Date of Award


Document Type

Open Access Master's Thesis

Degree Name

Master of Science in Geology (MS)

Administrative Home Department

Department of Geological and Mining Engineering and Sciences

Advisor 1

Rudiger Escobar Wolf

Advisor 2

Paolo Frattini

Committee Member 1

Thomas Oommen

Committee Member 2

Simon Carn


Fuego volcano is one of the most active and hazardous volcanoes in the world. It is located in the northern part of the Central American Volcanic Arc in Guatemala and its activity can be characterized by long term, low-level background activity, and sporadic larger explosive eruptions. Its historical observations of eruptions date back to 1531, but it has been erupting vigorously since 2002 with major activity throughout 2018, producing three main eruptions in February, June and November. Its almost persistent activity generates major ashfalls, pyroclastic flows, lava flows; when heavy rains mobilize its deposits, they can form damaging lahars. Phenomena, like pyroclastic flows and lahars, have a very high potential to be hazardous and highly lethal, considering that Fuego is also surrounded by a series of small villages and cities like Escuintla, Masagua or San Miguel Los Lotes.

The sub-plinian eruption that happened between the 3rd and 5th of June 2018 was the deadliest event in the recent history of the volcano. It produced around 20 million m3 airfalll tephra volumes, and about 50 million m3 of pyroclastic flow deposits. This event triggered major lahars descending multiple channels – locally called barrancas – that surround the volcano edifice. More than 12 thousand people of the communities of Sangre de Cristo, Finca Palo Verde and Panimache have been evacuated to escape from the violent eruption.

This project is aimed to study and analyze the volcano changes throughout 2017, i.e., the year right before the June 3rd disruptive event. Although the June 3rd 2018 eruption had the largest and most tragic impact, mainly caused by the generation of pyroclastic density currents, this work shows that significant lahar activity and sediment mobilization occurred already in 2017, associated to explosive eruptive activity that was frequent that year.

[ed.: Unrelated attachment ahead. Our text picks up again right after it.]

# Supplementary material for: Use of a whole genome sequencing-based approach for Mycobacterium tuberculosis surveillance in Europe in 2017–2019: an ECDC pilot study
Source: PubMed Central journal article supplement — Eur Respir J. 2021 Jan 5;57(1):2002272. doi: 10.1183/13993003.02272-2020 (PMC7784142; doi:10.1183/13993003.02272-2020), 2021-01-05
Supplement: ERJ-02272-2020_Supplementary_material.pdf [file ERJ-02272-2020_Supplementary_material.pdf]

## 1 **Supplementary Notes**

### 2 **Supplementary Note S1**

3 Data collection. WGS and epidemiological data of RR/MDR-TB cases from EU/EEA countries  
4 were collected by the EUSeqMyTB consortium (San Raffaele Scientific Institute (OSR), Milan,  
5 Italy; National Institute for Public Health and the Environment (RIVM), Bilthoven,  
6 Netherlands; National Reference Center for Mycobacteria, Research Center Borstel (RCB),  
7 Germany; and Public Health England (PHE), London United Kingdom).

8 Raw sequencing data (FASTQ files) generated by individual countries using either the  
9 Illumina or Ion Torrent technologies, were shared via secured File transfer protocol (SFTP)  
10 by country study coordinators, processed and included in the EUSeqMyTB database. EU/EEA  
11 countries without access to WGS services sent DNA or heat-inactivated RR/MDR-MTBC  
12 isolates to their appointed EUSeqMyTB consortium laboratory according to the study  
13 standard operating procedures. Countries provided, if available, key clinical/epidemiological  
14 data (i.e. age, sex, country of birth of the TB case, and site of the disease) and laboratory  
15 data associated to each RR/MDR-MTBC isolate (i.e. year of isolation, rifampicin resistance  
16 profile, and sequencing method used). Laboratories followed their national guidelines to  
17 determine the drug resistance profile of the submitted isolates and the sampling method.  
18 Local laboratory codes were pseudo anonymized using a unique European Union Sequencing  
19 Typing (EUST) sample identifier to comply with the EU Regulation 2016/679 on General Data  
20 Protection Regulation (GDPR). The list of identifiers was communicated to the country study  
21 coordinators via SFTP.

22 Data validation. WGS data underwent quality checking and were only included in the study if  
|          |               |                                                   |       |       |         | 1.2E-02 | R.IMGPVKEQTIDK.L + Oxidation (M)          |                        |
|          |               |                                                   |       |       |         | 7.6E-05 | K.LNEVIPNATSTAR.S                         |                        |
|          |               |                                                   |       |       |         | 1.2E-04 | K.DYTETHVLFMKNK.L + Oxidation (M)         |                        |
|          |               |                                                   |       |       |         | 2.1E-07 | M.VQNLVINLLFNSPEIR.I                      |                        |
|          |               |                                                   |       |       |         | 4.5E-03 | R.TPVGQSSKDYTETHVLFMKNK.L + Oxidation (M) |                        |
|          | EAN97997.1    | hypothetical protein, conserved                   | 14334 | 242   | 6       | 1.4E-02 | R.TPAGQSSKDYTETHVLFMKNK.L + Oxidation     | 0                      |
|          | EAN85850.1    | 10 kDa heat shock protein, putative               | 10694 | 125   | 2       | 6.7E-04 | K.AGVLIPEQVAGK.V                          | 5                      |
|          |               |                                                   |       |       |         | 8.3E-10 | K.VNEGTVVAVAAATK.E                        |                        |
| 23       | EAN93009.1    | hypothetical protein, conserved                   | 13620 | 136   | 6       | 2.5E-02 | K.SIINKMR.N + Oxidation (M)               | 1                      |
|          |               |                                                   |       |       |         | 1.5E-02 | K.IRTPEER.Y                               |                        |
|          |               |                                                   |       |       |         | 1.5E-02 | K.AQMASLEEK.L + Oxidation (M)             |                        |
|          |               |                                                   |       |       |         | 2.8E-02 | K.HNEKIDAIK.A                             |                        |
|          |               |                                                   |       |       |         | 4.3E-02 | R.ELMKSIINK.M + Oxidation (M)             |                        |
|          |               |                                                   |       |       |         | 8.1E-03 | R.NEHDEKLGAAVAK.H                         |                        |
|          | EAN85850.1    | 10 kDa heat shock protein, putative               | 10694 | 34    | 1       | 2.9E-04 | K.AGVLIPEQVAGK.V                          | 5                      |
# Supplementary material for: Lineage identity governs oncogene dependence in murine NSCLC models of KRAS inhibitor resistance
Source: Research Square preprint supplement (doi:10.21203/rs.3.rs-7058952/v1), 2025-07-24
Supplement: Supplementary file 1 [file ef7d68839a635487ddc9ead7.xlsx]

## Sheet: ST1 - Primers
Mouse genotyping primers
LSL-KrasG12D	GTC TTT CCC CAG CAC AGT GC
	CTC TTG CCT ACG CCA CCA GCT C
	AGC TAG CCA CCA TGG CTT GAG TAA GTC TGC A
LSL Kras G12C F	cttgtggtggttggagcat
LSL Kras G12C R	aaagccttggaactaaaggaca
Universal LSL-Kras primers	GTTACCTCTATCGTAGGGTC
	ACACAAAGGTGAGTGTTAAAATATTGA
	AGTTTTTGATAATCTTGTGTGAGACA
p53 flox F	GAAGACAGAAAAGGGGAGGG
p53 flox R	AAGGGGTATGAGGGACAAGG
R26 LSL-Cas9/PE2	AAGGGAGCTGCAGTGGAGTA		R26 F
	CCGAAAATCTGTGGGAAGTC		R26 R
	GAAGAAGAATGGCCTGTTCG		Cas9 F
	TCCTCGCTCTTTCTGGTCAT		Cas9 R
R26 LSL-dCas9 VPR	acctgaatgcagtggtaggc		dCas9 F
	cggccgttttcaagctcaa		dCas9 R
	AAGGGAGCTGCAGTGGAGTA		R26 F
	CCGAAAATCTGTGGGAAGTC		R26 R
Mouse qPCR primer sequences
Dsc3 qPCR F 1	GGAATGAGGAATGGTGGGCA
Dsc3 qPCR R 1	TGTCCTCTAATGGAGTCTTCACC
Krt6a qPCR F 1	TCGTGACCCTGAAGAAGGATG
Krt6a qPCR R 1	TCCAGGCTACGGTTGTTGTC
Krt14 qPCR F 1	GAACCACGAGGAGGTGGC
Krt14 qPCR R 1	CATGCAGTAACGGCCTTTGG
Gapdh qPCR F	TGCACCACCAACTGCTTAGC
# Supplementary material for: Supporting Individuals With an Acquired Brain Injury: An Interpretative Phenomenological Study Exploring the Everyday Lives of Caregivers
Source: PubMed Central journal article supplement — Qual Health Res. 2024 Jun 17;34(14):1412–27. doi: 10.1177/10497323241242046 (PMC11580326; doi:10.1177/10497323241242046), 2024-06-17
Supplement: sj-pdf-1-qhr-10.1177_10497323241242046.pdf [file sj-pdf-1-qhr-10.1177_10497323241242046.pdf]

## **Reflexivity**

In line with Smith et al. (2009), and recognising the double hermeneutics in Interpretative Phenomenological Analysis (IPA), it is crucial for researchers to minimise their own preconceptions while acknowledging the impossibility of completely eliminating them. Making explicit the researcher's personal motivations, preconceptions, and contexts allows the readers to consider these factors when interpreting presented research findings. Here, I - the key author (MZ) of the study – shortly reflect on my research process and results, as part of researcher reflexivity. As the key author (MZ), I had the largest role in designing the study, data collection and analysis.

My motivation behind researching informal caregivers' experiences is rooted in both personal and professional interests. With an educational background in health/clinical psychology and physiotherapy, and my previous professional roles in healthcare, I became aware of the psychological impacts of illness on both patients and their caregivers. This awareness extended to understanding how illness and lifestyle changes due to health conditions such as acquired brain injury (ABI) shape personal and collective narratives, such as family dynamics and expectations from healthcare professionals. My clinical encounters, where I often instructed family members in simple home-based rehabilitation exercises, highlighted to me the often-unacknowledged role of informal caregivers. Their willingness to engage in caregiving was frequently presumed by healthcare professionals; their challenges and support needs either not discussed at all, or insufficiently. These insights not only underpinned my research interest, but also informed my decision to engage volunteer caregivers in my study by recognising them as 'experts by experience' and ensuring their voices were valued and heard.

Geographical, seasonal and infrastructural restrictions make ground-based monitoring not always practical. Therefore satellite-based remote sensing methods can particularly be beneficial for volcano monitoring.

High-resolution images acquired from a constellation of over 130 cubesats operated by Planet Labs Inc were used for this study. Through the satellite remote sensing data, lahar zones were detected in order to assess hazards caused by volcanic eruptions. Because the approach of automated methods was not successful in delineating the deposits in the barrancas and in the proximal areas, the lahars were visually mapped. This manual interpretation technique allowed to achieve high accuracy for hazard detection and monitoring.

Then, areas of lahars inundation were simulated and mapped using LAHARZ, a Geographical Information System (GIS) code created by the United States Geological Survey. This tool is used to produce hazard maps and evacuation solutions in a short time frame. The detected and simulated lahars zones were compared and verified. A statistical rainfall analysis was performed to see how the rainfall intensity can affect the triggering of the lahars.

The monitoring, mapping and the study of past events could assist volcanic hazard mitigation efforts in Guatemala and other active volcanoes in the world, enabling volcanologists and local governments to predict lahar and minimize the loss of human life and property.